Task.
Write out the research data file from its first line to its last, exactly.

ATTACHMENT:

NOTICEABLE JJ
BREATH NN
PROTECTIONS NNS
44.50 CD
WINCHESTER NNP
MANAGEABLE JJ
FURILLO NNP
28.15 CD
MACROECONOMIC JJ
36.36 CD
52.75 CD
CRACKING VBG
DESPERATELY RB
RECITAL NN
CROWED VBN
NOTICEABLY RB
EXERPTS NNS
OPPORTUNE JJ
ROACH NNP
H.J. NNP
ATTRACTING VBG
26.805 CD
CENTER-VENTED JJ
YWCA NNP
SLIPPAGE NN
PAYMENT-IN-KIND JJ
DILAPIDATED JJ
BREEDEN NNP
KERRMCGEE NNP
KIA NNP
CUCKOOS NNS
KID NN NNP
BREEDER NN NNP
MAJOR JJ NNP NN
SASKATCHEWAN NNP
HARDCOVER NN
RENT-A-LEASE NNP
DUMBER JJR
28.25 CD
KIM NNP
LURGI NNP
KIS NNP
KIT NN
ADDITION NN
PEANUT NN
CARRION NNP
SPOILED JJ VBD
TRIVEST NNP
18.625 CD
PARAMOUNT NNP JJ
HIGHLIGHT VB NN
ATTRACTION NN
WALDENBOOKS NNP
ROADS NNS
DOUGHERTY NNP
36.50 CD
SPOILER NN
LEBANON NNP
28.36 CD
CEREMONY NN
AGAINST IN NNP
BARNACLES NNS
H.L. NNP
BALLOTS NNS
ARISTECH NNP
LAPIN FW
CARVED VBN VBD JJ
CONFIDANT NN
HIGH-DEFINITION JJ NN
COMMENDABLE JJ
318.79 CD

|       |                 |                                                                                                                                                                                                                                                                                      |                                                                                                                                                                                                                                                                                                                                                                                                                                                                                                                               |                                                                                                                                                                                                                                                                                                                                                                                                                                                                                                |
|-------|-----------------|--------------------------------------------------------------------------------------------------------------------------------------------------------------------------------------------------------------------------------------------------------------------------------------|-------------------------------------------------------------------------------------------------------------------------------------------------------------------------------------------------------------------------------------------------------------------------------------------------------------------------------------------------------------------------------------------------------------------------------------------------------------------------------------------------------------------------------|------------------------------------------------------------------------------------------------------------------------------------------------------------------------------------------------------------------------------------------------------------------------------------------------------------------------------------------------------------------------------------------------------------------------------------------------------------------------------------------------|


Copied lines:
NOTICEABLE JJ
BREATH NN
PROTECTIONS NNS
44.50 CD
WINCHESTER NNP
MANAGEABLE JJ
FURILLO NNP
28.15 CD
MACROECONOMIC JJ
36.36 CD
52.75 CD
CRACKING VBG
DESPERATELY RB
RECITAL NN
CROWED VBN
NOTICEABLY RB
EXERPTS NNS
OPPORTUNE JJ
ROACH NNP
H.J. NNP
ATTRACTING VBG
26.805 CD
CENTER-VENTED JJ
YWCA NNP
SLIPPAGE NN
PAYMENT-IN-KIND JJ
DILAPIDATED JJ
BREEDEN NNP
KERRMCGEE NNP
KIA NNP
CUCKOOS NNS
KID NN NNP
BREEDER NN NNP
MAJOR JJ NNP NN
SASKATCHEWAN NNP
HARDCOVER NN
RENT-A-LEASE NNP
DUMBER JJR
28.25 CD
KIM NNP
LURGI NNP
KIS NNP
KIT NN
ADDITION NN
PEANUT NN
CARRION NNP
SPOILED JJ VBD
TRIVEST NNP
18.625 CD
PARAMOUNT NNP JJ
HIGHLIGHT VB NN
ATTRACTION NN
WALDENBOOKS NNP
ROADS NNS
DOUGHERTY NNP
36.50 CD
SPOILER NN
LEBANON NNP
28.36 CD
CEREMONY NN
AGAINST IN NNP
BARNACLES NNS
H.L. NNP
BALLOTS NNS
ARISTECH NNP
LAPIN FW
CARVED VBN VBD JJ
CONFIDANT NN
HIGH-DEFINITION JJ NN
COMMENDABLE JJ
318.79 CD

|       |                 |                                                                                                                                                                                                                                                                                      |                                                                                                                                                                                                                                                                                                                                                                                                                                                                                                                               |                                                                                                                                                                                                                                                                                                                                                                                                                                                                                                |
|-------|-----------------|--------------------------------------------------------------------------------------------------------------------------------------------------------------------------------------------------------------------------------------------------------------------------------------|-------------------------------------------------------------------------------------------------------------------------------------------------------------------------------------------------------------------------------------------------------------------------------------------------------------------------------------------------------------------------------------------------------------------------------------------------------------------------------------------------------------------------------|------------------------------------------------------------------------------------------------------------------------------------------------------------------------------------------------------------------------------------------------------------------------------------------------------------------------------------------------------------------------------------------------------------------------------------------------------------------------------------------------|